Academic journal article Archaeology in Oceania

Indigenous Peoples and the Collaborative Stewardship of Nature

Academic journal article Archaeology in Oceania

Indigenous Peoples and the Collaborative Stewardship of Nature

Article excerpt

Indigenous Peoples and the Collaborative Stewardship of Nature By Anne Ross, Kathleen Pickering Sherman, Jeffrey G. Snodgrass, Henry D. Delcore and Richard Sherman. Walnut Creek, CA: Left Coast Press, 2011. ISBN 978-1-59874-577-1 (hb)/-578-8 (pb). Pp. 320. $US89 (hb), $US29.95 (pb).

This book presents a clear-eyed critical overview of efforts made to date to forge workable partnerships in the manag ement of natural resources between Indigenous groups on the one hand and conservation scientists and government agencies on the other. The news is for the most part not good, or perhaps one should say that there is good to be found but you have to look for it among the plethora of initiatives which, however well motivated, rarely deliver equity or real justice to Indigenous peoples. Many of these initiatives involve collaborations between conservation biologists (often under the auspices of one or another of the IUCN program areas) and Indigenous groups. Archaeologists in Australia, Canada, and the USA often become involved in this area via 'community archaeology' projects with Indigenous groups and via the latter's holistic conception of landscape. One of the great values of this volume is that it combines case studies of Indigenous stewardship of nature in former settler colonies (Aboriginal groups in southwest Queensland and the Lakota Native American people at Pine Ridge in South Dakota) with case studies of Indigenous minority groups in Thailand (tribal minority groups in Nan Province) and India (the Dhil tribal minority on southwest Rajasthan).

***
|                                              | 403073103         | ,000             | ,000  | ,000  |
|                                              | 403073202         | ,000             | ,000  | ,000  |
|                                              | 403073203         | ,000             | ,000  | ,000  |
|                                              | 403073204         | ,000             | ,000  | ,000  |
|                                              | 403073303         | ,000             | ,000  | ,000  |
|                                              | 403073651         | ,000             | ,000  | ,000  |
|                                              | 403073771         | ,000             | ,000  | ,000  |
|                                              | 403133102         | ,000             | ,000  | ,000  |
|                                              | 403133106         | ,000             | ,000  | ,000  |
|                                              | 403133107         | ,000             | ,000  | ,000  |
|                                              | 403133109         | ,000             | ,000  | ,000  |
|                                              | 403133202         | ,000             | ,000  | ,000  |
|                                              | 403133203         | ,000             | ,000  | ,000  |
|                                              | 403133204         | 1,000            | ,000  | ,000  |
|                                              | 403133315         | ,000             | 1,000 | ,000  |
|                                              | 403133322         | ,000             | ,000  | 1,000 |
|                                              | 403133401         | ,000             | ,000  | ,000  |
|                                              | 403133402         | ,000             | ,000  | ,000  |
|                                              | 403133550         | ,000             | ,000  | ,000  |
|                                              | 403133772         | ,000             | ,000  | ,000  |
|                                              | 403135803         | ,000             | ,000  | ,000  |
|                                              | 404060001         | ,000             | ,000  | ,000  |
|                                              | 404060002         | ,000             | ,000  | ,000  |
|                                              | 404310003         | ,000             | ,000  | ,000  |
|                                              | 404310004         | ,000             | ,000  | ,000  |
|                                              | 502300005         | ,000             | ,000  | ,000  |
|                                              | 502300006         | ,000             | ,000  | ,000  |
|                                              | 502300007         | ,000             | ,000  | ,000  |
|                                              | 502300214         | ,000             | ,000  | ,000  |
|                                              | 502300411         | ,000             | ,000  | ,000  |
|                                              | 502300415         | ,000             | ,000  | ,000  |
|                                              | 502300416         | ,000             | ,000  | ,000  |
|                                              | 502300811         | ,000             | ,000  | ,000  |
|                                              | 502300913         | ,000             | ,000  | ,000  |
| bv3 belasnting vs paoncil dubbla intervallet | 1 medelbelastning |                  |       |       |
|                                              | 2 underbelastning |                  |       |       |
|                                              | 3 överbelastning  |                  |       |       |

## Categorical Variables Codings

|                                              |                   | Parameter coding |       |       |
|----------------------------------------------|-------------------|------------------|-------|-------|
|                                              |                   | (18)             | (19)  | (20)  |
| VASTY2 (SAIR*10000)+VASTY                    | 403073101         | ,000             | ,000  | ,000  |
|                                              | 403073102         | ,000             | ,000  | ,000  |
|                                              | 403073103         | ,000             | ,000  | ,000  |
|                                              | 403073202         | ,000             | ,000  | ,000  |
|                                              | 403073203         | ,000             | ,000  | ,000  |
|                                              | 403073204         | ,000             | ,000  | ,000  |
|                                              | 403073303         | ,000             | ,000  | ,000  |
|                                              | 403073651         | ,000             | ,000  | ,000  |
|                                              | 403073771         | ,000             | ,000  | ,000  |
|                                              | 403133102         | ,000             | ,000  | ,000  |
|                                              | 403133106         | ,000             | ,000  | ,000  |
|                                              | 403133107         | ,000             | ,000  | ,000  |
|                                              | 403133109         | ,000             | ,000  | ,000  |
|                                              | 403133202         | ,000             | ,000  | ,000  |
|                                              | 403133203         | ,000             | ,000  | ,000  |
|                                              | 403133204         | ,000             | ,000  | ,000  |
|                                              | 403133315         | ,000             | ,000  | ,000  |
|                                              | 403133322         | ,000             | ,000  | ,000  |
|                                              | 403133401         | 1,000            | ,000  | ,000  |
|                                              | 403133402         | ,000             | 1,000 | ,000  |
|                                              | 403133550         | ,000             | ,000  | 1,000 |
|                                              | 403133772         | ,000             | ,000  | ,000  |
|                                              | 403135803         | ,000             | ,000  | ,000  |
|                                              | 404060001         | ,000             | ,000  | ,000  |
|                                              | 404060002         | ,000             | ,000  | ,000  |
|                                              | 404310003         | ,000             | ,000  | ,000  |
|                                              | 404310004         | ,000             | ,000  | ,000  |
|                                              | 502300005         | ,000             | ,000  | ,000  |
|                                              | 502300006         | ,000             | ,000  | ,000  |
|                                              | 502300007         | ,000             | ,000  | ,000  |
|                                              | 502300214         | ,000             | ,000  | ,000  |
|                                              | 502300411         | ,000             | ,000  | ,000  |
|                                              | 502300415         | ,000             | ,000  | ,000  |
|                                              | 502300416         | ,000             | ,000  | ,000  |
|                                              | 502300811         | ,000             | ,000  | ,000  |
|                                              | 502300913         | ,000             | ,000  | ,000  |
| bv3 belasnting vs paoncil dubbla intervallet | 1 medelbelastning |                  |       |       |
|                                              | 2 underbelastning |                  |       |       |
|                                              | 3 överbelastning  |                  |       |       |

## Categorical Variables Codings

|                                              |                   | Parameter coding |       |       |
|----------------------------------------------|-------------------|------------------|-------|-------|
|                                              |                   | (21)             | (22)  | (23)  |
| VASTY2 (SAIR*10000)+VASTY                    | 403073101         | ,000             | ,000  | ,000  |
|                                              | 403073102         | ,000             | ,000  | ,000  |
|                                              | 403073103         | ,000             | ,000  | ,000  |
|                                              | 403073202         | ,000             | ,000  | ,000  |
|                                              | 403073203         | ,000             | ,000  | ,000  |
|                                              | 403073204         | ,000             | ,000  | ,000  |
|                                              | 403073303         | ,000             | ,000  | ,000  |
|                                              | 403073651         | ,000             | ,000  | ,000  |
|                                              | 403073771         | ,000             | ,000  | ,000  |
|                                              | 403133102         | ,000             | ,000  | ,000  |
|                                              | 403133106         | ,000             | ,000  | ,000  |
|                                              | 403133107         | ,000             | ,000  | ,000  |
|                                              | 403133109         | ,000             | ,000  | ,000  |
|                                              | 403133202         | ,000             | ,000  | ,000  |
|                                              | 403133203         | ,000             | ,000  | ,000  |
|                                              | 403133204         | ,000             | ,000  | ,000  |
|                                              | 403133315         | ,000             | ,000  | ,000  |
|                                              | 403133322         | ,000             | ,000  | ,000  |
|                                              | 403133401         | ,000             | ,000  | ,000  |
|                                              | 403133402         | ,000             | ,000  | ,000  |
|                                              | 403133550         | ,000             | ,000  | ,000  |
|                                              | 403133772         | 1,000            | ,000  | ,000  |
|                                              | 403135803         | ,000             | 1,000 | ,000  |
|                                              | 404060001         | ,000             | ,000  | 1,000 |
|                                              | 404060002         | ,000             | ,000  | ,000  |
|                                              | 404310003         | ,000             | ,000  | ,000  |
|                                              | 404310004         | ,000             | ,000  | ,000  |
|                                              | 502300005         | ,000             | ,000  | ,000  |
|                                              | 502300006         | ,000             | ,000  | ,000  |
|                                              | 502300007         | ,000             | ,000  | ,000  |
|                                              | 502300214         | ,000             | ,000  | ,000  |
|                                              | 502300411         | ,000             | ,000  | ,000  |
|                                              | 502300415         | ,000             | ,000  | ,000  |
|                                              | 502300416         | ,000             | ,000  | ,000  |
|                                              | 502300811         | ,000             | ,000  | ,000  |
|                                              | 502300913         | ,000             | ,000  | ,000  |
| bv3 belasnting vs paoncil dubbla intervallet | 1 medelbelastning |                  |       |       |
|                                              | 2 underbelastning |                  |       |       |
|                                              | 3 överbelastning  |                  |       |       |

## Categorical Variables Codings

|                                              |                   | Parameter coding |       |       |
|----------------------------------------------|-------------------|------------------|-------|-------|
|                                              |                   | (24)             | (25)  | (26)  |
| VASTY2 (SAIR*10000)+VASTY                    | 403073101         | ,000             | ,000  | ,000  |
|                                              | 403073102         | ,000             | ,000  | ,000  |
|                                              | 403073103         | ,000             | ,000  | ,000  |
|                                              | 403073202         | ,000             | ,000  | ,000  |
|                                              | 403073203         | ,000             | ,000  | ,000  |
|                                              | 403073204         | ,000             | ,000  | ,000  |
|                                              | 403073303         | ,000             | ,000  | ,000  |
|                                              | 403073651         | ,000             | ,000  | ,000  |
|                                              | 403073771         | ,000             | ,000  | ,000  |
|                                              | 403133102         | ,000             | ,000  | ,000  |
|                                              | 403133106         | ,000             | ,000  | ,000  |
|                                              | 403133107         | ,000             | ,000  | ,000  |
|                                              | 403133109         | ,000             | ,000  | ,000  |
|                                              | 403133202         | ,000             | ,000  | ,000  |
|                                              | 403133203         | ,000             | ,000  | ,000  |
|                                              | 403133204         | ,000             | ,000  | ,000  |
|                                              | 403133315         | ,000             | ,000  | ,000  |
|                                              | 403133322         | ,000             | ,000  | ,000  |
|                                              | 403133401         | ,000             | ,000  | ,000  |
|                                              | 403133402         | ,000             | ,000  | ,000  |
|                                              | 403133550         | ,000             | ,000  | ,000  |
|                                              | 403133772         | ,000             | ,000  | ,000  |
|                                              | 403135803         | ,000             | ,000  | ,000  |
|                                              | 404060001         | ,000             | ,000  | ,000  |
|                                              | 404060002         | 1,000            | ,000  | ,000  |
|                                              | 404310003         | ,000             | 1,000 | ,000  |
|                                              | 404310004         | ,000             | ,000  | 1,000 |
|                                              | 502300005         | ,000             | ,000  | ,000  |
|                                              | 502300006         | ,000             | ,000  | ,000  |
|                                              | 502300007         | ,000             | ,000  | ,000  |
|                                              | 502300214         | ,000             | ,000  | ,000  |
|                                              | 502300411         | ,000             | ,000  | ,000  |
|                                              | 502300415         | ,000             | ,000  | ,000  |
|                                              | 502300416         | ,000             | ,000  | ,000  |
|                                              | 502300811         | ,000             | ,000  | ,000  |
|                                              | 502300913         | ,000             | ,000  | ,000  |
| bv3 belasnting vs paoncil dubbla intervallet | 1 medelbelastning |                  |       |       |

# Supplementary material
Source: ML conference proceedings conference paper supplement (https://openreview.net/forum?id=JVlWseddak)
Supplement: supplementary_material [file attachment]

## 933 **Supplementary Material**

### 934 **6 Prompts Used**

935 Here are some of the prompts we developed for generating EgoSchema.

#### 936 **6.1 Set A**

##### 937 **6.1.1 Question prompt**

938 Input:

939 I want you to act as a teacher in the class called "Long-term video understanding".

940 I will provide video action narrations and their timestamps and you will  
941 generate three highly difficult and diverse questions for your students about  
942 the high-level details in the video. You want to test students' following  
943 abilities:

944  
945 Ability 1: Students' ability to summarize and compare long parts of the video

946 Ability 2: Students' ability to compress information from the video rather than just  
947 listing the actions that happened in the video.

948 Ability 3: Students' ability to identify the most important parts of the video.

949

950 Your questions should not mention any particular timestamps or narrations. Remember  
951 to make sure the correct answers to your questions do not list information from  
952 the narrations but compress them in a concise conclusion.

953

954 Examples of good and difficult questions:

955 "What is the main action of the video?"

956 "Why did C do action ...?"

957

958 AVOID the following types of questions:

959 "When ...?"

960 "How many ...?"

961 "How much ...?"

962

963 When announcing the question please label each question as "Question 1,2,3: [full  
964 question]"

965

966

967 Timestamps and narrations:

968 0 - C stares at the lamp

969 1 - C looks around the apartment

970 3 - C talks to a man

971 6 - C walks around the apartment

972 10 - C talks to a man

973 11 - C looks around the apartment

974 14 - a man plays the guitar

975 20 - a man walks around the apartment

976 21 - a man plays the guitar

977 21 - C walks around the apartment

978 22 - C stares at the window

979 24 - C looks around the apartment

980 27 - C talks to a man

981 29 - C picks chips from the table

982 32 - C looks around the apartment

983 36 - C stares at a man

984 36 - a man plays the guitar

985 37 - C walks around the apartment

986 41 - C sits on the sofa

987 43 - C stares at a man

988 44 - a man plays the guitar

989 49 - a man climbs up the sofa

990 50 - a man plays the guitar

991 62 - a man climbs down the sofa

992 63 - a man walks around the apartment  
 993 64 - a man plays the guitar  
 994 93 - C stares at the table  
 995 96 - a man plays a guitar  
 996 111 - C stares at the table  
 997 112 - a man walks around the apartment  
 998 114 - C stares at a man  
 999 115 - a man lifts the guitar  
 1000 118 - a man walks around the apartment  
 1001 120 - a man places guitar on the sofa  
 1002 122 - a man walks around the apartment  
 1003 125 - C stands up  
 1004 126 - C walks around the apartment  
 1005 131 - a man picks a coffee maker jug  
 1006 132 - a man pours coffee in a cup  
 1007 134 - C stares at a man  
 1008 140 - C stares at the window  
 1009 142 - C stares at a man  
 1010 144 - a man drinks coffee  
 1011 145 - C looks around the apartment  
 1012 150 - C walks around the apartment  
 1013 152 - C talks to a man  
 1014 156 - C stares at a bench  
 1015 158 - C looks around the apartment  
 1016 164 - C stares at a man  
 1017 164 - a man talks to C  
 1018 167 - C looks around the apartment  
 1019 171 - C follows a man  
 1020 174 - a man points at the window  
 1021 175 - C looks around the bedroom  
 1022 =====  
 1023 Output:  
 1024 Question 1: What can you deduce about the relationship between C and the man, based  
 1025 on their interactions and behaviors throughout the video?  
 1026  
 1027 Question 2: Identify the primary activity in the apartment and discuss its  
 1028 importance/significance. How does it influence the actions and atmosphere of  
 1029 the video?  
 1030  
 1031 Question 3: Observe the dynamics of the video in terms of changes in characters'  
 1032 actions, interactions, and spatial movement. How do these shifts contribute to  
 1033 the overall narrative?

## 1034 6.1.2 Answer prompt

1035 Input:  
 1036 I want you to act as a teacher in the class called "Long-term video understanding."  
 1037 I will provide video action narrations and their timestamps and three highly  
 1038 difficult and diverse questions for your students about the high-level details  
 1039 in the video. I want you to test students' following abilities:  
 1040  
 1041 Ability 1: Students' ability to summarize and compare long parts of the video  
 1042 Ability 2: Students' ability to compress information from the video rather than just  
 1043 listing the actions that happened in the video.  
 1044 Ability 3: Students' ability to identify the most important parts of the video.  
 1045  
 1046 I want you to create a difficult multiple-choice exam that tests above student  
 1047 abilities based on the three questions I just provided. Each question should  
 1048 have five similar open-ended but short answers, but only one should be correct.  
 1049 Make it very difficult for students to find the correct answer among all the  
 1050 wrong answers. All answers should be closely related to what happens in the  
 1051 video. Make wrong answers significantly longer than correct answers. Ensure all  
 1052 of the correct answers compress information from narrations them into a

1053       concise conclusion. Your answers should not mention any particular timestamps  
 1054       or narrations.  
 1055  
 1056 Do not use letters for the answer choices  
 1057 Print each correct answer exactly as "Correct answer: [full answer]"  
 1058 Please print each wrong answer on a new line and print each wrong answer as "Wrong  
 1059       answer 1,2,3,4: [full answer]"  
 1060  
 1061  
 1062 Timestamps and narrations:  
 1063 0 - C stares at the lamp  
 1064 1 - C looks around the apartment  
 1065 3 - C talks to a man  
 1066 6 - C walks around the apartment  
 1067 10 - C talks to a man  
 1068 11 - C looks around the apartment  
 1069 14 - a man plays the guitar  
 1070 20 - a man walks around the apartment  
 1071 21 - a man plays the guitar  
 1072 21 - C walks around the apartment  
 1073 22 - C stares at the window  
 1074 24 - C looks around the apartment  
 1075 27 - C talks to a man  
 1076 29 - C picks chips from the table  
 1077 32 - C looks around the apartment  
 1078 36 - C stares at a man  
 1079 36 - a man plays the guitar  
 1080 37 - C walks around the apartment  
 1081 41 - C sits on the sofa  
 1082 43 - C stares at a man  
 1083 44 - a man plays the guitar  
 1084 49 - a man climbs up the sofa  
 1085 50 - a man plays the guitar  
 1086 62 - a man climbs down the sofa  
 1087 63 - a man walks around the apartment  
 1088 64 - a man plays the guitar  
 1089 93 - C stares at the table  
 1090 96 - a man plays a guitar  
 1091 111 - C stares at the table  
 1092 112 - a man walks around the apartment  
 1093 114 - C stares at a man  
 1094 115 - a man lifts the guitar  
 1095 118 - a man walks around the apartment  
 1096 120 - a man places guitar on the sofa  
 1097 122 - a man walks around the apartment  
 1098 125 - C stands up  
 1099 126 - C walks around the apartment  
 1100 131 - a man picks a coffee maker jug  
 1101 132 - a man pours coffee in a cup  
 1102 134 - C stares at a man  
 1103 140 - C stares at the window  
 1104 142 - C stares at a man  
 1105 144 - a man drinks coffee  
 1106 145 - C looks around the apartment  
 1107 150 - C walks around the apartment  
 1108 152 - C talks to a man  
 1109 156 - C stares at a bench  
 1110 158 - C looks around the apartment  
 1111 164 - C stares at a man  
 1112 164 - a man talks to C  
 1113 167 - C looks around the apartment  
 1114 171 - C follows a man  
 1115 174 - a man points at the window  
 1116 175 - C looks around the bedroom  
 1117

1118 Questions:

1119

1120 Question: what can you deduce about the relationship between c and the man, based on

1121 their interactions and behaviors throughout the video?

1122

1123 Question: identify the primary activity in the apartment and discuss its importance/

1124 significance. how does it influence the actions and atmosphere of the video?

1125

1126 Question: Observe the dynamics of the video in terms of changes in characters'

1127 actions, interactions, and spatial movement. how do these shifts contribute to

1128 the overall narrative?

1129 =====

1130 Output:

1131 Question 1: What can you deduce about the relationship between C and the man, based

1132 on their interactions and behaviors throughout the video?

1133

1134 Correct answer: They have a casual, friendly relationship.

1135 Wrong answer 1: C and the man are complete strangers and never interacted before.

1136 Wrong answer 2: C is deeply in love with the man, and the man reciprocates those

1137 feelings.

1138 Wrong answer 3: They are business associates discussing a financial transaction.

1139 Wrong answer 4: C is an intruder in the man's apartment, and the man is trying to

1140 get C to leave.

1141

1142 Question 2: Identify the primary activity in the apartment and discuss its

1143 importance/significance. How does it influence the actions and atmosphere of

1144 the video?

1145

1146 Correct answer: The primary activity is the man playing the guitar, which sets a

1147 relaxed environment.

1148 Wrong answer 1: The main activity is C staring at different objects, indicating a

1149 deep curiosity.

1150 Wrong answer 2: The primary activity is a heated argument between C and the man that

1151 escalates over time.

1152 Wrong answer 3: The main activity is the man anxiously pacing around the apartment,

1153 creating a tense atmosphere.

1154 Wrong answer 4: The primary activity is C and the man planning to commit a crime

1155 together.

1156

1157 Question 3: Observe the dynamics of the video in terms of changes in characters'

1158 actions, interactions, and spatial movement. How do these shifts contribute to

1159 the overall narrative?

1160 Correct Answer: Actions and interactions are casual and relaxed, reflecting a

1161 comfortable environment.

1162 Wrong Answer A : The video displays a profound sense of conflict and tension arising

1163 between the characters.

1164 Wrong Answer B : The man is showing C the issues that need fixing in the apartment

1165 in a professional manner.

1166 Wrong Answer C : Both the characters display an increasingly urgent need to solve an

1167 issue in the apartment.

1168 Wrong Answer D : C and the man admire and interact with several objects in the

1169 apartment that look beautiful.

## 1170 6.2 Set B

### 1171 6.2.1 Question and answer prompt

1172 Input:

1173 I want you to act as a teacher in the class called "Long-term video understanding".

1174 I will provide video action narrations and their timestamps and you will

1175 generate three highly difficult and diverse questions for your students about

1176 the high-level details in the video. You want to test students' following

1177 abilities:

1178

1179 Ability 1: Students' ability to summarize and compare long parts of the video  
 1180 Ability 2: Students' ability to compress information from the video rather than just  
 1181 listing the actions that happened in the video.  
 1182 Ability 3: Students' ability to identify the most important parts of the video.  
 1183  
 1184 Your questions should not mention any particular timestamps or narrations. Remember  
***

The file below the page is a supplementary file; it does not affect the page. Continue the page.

The authors identify a series of epistemological and systemic (or institutional) obstacles to Indigenous involvement in natural resource management (NRM). The former are mainly to do with difficulties encountered in achieving recognition of Indigenous knowledge as a valid basis for landscape or NRM management and this points to a key sticking point: Western biological science is recognised by the modern state as the proper knowledge in this field and Western biological science exercises various forms of closure against other forms of knowledge. These include an insistence that Indigenous knowledge conform to the same methods and standards of proof that operate in science disciplines. On the Indigenous side, environmental knowledge tends to be integrated in complex ways with religious belief and often this entails a conviction that habitats and species embody spirits and spiritual forces which give them a degree of agency in relation to humans. The rationalisation of the Western mind which has been proceeding apace since the Protestant Reformation ensures that such beliefs are regarded as superstitious, absurd, and as a recipe for economic backwardness. But Western conservationists must contend with the reality that a large proportion of the biodiversity presently extant in the non-Western world has survived precisely because such belief systems have protected it--witness for instance the sacred forest groves of India, Africa, and parts of Southeast Asia. …

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